Dangerous chemicals hiding in everyday products

(CNN)It was long believed that you could acquire “better living through chemistry.” But that may really not be the case. In a landmark alliance, known as Project TENDR, leaders of various disciplines have come together in a consensus statement to say that many of the chemicals found in everyday products can result in neurodevelopmental disorders, including autism and attention-deficit disorders.

“Ten years ago, this consensus wouldn’t have been possible, but the research is abundantly clear,” said Irva Hertz-Picciotto, an environmental epidemiologist at the University of California, Davis and co-chairwoman of Project TENDR.
    Find out if you have lead in your water by reaching out to your local water supplier or even getting an at-home test kit from a home improvement store. If your home was built before 1978, test your paint. If the paint is chipping or peeling, it will need to be stripped or covered. Homeowners may want to consider using a professional who is lead-safe certified to help you. Parents can also talk to your doctor about having your children tested for lead if there is reason for concern.
    Mercury is a naturally occurring element, but it can also be released into the environment from the burning of coal and oil. Mercury can also be found in some household items such as thermometers, light bulbs and older-model clothes dryers and washing machines. Mercury in the environment can make its way into fish and shellfish. Some fish, such as some kinds of tuna, may have higher concentrations of mercury.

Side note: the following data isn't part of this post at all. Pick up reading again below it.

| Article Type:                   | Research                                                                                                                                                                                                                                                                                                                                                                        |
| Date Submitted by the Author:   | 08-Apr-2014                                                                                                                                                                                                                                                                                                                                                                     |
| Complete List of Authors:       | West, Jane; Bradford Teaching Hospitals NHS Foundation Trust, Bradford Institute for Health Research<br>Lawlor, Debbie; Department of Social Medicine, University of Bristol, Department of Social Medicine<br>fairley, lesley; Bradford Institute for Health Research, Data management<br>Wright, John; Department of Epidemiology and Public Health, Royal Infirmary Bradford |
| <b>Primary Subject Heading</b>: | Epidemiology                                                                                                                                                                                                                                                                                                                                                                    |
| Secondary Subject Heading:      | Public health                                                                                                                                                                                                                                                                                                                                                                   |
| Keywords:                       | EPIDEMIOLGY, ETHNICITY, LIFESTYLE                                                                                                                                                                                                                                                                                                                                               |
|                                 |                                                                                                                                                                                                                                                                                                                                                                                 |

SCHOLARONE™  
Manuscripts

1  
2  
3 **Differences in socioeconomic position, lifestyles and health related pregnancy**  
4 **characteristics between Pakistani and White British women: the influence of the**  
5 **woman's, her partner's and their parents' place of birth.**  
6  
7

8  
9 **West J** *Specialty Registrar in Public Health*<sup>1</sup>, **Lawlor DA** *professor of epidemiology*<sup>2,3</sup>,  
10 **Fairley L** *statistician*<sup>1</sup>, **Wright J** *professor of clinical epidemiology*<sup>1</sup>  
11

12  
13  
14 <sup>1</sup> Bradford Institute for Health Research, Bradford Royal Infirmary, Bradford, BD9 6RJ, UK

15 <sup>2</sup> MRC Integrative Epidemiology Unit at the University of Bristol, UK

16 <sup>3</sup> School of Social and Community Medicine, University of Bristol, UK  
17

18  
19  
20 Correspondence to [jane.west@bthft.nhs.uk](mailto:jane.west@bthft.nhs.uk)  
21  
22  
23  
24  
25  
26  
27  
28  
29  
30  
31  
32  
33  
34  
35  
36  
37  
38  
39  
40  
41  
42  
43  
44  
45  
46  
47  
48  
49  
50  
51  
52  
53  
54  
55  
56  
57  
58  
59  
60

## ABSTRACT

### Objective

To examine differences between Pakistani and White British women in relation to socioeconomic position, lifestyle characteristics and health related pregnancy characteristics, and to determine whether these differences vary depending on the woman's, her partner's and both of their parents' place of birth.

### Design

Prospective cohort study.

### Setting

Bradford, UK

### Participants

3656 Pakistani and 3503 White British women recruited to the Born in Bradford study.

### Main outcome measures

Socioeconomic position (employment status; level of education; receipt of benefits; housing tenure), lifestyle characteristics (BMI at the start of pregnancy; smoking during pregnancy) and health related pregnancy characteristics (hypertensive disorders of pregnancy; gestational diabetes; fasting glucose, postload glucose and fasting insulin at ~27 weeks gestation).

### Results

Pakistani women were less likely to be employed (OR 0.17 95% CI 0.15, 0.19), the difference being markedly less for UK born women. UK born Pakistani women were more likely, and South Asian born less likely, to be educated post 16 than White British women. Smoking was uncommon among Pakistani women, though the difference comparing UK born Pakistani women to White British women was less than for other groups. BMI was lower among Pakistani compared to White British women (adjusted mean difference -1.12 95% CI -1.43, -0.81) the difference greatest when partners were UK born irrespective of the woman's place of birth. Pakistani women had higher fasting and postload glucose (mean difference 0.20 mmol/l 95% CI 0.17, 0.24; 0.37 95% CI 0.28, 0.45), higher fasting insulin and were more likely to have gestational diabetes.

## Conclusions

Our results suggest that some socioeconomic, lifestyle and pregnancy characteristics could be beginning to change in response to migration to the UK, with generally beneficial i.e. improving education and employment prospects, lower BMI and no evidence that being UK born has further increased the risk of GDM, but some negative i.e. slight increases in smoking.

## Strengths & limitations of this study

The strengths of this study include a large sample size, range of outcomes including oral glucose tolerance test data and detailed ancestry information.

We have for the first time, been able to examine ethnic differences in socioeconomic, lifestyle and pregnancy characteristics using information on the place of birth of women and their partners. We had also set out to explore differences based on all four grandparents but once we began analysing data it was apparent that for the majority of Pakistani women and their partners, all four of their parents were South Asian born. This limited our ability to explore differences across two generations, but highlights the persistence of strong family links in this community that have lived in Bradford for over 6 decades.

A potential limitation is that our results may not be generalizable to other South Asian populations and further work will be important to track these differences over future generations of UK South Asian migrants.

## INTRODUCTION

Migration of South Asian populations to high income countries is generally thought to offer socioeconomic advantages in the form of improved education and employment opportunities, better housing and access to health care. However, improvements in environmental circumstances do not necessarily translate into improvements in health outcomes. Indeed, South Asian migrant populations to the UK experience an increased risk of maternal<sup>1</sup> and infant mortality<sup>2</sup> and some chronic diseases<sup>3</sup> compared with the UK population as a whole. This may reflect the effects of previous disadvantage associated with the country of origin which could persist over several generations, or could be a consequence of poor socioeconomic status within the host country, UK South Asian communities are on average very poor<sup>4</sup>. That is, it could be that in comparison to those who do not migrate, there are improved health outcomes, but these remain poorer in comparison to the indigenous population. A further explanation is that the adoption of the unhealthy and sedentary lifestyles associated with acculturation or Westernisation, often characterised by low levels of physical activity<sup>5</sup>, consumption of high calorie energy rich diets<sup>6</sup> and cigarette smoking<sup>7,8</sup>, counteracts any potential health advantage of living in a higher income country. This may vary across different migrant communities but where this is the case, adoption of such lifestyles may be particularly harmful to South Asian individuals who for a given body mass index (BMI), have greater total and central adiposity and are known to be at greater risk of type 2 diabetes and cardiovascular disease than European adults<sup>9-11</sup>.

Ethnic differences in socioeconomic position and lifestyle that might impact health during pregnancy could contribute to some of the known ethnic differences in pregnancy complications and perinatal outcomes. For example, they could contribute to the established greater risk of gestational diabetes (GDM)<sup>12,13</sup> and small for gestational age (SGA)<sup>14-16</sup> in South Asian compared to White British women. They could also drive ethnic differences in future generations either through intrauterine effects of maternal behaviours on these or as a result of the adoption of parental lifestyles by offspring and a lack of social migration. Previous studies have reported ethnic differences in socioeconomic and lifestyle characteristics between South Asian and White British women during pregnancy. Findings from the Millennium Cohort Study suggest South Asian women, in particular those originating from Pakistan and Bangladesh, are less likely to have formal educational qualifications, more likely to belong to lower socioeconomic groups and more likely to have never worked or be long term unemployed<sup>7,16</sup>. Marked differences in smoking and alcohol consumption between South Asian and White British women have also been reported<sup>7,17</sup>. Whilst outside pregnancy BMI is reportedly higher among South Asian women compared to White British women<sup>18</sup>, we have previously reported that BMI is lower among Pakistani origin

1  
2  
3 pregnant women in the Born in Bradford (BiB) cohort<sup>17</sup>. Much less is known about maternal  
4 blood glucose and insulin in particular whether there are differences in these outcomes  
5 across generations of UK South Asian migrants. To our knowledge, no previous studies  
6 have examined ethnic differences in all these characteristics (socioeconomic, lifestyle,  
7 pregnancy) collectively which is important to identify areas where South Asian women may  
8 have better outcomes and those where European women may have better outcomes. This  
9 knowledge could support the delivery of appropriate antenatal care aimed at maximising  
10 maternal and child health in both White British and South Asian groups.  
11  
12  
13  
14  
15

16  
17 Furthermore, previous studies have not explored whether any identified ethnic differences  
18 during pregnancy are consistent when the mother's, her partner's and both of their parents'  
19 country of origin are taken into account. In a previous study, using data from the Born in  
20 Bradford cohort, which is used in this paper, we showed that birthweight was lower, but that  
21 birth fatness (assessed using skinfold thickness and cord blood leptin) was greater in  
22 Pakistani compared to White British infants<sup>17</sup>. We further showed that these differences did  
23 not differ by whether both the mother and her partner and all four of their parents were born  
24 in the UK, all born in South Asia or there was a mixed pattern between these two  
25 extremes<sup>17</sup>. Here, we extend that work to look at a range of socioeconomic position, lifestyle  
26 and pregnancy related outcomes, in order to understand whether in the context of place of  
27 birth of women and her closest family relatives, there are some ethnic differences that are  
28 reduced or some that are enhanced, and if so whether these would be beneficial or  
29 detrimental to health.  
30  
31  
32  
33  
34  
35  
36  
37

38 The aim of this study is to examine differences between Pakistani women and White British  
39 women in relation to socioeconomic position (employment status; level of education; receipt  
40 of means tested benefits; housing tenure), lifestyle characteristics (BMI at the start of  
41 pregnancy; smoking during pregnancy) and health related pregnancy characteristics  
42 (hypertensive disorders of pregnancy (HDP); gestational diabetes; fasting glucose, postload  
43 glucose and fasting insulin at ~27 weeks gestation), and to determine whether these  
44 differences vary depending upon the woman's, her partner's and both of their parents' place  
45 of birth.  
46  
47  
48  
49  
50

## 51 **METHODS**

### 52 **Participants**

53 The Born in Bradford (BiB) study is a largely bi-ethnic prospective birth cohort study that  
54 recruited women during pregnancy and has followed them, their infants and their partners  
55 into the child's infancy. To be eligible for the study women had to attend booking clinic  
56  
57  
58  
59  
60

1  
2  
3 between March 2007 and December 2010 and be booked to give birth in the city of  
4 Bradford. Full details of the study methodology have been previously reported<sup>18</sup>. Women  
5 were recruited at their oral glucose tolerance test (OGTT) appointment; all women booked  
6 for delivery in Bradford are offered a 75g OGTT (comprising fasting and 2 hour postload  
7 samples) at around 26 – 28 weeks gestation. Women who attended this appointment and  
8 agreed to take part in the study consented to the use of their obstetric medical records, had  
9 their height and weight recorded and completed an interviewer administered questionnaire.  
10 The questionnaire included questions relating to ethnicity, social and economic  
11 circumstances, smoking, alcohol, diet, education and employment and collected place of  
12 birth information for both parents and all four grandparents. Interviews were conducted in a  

According to the Environmental Protection Agency, exposure to mercury in utero may impact memory, attention and cognitive skills.
    While you can’t completely eliminate mercury from your environment, you can reduce your exposure to mercury by avoiding fish high in mercury. Try to use mercury-free thermometers. When getting rid of household items with mercury, reach out to your state or local household hazardous waste collection center for advice.
    Polychlorinated biphenyls

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    Between 1929 and 1977, thousands of tons of polychlorinated biphenyls were used worldwide. Production of the chemical in the U.S. was banned by the EPA in 1977, but they can linger (PDF) in the environment for a long time and make their way into the food chain. These chemicals have been used as coolants and lubricants in electrical equipment because they are good insulators.
    According to the Centers for Disease Control and Prevention, polychlorinated biphenyls are associated with cancer in occupational settings and has been associated with issues with motor skills and short term memory in children.
    Much like mercury, they have made their way into our food sources, particularly fish and some meat. To avoid polychlorinated biphenyls in your food, the Environmental Defense Fund suggests, before cooking, removing the parts where toxic chemicals are likely to accumulate, such as the skin, fat and internal organs. When cooking, make sure to drain away fat and avoid drippings.

    Read more: http://www.cnn.com/2016/07/01/health/everyday-chemicals-we-need-to-reduce-exposure-to/index.html